Amid a heated back-and-forth over Paige Patterson’s invitation to speak at a Florida church, the former Southern Baptist Convention leader’s supporters and opponents seem to agree on at least one thing: The #MeToo movement is changing the way some Baptists evaluate who is eligible for public ministry.
After Patterson was announced last month as a speaker at Fellowship Church’s Great Commission Weekend, fellow Southern Baptists and survivor advocates urged leaders to take him off the lineup in light of his 2018 termination from Southwestern Baptist Theological Seminary and allegations he mishandled students’ sexual abuse reports at multiple SBC seminaries. Last week, SBC president J. D. Greear waded into the discussion, urging churches to consider Patterson’s past before inviting him to speak.
Yet, Paige Patterson and his wife, Dorothy, remain top-billed for next weekend’s event. Timothy Pigg, pastor of Fellowship Church, told CT the church has received dozens of emails and phone calls about Patterson. The congregation’s social media traffic has increased approximately tenfold since announcing Patterson as a conference speaker, and its local newspaper, the Naples Daily News, reported on criticism of the church.
Two leaders with the Florida Baptist Convention were scheduled to speak at the conference but have withdrawn. Approximately 150–200 people are expected to attend. Sexual abuse victims’ advocate Susan Codone tweeted a request that people contact the church and ask it to withdraw Patterson’s invitation because “the #SBC and the many harmed by the Pattersons deserve better.”
Among Southern Baptists, adultery and divorce used to be the only sins thought to disqualify a person from public ministry, said Barry Hankins, a Baylor University historian who has written extensively on the SBC. But now, mishandling abuse may be joining the list.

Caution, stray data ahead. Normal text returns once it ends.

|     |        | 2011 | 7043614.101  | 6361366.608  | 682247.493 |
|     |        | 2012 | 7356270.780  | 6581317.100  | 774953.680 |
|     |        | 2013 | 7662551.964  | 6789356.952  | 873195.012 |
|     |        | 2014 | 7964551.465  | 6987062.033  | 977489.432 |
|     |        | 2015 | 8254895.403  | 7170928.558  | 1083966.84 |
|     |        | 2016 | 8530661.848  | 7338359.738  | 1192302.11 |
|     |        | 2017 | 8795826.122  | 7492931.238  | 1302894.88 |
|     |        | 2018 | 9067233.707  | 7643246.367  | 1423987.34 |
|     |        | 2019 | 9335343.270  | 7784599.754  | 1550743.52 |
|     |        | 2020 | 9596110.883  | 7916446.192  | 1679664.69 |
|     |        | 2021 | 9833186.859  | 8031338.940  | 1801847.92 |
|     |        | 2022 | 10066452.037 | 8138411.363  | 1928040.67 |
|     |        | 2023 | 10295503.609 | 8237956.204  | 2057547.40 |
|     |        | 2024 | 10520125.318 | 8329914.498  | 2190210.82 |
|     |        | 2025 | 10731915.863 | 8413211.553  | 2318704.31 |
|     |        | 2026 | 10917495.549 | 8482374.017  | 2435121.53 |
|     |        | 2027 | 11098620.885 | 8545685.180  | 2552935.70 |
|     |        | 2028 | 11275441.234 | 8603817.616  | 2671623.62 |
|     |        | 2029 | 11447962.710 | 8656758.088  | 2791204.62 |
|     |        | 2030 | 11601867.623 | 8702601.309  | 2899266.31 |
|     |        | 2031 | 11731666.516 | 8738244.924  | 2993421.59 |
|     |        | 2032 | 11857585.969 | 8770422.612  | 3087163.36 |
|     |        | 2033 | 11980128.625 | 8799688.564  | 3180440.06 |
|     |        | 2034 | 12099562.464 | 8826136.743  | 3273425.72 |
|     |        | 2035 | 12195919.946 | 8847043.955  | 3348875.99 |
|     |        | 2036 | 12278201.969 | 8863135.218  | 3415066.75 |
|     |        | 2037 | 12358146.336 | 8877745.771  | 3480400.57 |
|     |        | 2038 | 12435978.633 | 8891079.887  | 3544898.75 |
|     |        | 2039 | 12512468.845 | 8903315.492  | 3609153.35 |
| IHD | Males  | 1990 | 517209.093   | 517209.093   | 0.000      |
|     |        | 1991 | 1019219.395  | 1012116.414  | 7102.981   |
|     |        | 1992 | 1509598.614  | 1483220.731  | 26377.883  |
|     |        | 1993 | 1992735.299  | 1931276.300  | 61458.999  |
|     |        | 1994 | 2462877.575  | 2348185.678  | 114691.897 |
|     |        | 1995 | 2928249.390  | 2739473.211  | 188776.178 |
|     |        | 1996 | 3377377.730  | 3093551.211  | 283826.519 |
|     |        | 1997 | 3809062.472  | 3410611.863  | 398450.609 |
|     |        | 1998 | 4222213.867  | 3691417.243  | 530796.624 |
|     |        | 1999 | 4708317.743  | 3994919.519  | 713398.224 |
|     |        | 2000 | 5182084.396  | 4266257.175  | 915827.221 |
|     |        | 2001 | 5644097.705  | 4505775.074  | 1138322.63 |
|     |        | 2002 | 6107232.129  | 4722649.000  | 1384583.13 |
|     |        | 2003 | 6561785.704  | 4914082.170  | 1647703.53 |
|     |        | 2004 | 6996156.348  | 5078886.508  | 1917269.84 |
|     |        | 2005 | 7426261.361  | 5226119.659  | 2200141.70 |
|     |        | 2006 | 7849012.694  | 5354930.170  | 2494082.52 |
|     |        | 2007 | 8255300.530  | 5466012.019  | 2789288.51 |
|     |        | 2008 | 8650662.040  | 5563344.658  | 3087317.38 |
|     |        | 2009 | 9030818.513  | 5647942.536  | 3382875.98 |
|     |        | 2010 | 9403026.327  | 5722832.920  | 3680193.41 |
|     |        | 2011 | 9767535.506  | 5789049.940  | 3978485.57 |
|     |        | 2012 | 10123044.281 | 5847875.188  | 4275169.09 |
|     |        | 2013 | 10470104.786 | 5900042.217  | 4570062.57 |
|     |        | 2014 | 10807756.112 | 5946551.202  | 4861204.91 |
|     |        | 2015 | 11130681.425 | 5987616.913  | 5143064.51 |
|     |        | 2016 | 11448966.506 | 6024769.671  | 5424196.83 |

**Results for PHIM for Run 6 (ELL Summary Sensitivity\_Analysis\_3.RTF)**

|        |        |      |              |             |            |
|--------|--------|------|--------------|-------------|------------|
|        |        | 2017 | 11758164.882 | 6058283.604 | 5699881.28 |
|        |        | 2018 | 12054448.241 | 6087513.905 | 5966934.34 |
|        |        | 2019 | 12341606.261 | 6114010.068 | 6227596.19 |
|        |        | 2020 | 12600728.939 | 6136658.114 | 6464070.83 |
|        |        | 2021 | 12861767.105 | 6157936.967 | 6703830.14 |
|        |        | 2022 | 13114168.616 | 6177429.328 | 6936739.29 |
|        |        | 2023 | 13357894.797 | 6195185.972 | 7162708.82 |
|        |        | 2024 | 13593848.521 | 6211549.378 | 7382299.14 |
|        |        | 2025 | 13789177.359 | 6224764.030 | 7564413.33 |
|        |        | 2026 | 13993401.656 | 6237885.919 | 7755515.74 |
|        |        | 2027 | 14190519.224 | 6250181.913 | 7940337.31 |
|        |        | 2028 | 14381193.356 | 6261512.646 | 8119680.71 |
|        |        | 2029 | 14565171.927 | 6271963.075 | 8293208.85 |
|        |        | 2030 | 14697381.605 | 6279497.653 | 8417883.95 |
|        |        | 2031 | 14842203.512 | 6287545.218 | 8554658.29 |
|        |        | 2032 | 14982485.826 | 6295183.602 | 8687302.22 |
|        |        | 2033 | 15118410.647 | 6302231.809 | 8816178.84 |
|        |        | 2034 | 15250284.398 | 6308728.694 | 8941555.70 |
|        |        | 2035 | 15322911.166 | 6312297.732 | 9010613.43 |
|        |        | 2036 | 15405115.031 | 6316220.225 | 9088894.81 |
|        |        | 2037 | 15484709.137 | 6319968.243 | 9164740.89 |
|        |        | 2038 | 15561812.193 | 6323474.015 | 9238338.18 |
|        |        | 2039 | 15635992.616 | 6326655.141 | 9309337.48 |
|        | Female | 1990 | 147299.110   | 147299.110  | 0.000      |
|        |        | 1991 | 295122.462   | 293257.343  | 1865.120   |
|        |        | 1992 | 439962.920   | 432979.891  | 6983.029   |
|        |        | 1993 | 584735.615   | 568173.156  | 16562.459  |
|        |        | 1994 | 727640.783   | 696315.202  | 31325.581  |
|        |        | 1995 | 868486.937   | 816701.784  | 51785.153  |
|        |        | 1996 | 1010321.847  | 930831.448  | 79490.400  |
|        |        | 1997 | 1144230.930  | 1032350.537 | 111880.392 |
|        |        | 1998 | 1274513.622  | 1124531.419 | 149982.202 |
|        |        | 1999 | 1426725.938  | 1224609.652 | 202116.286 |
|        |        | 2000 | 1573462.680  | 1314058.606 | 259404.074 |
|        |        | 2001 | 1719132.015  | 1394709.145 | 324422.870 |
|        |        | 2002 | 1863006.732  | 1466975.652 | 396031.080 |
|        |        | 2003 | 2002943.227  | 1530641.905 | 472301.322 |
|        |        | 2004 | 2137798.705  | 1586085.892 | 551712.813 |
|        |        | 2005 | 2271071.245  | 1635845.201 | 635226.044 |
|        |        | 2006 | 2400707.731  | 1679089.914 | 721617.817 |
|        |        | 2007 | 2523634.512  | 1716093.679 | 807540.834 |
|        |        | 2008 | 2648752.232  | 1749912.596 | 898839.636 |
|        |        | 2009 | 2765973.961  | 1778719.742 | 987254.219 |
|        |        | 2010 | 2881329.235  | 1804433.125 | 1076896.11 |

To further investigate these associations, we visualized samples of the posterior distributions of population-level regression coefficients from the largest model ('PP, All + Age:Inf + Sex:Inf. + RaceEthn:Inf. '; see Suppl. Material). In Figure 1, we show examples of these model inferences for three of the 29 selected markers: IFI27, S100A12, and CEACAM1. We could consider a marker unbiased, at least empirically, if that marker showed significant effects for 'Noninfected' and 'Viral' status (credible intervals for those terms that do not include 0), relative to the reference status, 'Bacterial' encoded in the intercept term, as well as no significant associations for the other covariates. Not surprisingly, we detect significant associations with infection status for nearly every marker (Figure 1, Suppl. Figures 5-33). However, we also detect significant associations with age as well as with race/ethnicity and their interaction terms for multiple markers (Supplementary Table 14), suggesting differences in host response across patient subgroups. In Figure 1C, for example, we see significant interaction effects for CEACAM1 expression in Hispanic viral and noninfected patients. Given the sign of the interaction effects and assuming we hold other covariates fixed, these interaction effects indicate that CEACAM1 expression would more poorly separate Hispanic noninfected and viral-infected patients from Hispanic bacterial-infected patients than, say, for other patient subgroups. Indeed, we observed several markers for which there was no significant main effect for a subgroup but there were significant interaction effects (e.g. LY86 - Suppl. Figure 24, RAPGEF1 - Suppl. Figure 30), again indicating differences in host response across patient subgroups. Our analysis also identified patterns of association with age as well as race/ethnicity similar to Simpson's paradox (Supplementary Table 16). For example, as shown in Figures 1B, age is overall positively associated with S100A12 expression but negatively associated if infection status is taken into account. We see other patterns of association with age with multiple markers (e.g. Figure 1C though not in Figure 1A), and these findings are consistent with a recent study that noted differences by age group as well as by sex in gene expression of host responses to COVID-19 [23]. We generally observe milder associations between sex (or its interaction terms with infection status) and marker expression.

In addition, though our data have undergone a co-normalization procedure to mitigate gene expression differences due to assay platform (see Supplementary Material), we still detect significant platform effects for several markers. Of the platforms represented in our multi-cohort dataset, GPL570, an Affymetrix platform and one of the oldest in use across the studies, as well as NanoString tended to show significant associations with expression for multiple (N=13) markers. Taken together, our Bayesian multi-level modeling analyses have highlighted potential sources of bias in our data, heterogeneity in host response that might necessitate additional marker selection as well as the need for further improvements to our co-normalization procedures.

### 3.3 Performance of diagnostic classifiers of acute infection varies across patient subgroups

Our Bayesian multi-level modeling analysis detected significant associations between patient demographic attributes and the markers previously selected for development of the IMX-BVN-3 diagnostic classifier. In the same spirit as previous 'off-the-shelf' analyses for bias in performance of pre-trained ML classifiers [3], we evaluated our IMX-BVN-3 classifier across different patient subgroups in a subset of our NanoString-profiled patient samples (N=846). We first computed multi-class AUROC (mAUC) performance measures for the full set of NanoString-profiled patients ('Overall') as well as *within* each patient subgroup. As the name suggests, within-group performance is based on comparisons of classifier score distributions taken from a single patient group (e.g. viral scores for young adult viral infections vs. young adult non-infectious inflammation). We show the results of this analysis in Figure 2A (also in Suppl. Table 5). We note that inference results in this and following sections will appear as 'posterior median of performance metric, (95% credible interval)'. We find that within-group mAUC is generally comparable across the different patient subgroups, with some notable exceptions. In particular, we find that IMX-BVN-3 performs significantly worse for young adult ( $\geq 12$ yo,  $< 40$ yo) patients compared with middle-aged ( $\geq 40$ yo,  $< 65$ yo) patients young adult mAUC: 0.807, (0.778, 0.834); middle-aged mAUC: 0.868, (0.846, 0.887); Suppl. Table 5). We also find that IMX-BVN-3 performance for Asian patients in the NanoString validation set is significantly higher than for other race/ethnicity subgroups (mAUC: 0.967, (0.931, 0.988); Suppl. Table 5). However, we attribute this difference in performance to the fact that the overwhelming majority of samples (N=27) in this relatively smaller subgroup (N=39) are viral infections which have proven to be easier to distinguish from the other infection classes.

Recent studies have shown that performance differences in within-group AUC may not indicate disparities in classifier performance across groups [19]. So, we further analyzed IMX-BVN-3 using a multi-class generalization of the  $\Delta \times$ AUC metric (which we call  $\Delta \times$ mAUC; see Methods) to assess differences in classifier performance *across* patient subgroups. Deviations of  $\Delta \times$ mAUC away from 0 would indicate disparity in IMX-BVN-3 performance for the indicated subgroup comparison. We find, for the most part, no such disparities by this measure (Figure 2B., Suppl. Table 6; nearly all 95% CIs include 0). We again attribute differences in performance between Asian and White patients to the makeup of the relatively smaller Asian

“Things have changed so quickly across American culture with the #MeToo movement, whether you’re talking about Hollywood on one end or the Southern Baptist Convention on the other,” Hankins told Christianity Today. He said that Americans moved from thinking, “Let’s not make a big deal out of” sexual abuse, to thinking, “It’s a big deal, and anyone who doesn’t make a big deal out of it needs to be singled out.”
On Friday, president Greear cautioned churches to think twice before hosting Patterson, when asked by the Houston Chronicle about this weekend’s conference.
“Trustees terminated Paige Patterson for cause, publicly disclosing that his conduct was ‘antithetical to the core values of our faith.’ I advise any Southern Baptist church to consider this severe action before having Dr. Patterson preach or speak and to contact trustee officers if additional information is necessary,” said Greear, who himself studied under Patterson as his doctoral advisor and long saw him as a model and mentor in ministry.
Now, many Patterson supporters seem to agree with his concern, but some critics claim Greear’s statement violates the biblical principle of local church autonomy by attempting to govern a congregation from the outside—pushback that has followed every effort by the denomination to strengthen its response to abuse. The critics also say Patterson is not guilty of mishandling abuse.
Patterson told CT, “President Greear has every right to hold any opinion of my life and ministry that he wishes. While I read his persuasion with great sorrow, he has a right to publish his views as far as he wishes. If he is accurate, I deserve it. If false, I leave the matter in the hands of God confident that God will excel in mercy and justice at all times.”
Patterson was removed from his presidential role at Southwestern in 2018 and terminated a week later. Trustees cited information regarding Patterson’s “handling of an allegation of sexual abuse” at “another institution” (presumably Southeastern Baptist Theological Seminary, where he was president from 1992–2003). Patterson also is being sued for allegedly mishandling a student’s claim of being sexually assaulted at Southwestern. Patterson has denied any wrongdoing at either seminary.
Over the past year, he has continued to preach at multiple Southern Baptist churches, including Victory Baptist Church in Rowlett, Texas, where he was recently given a “Defender of the Faith Award.”
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Source: Christianity Today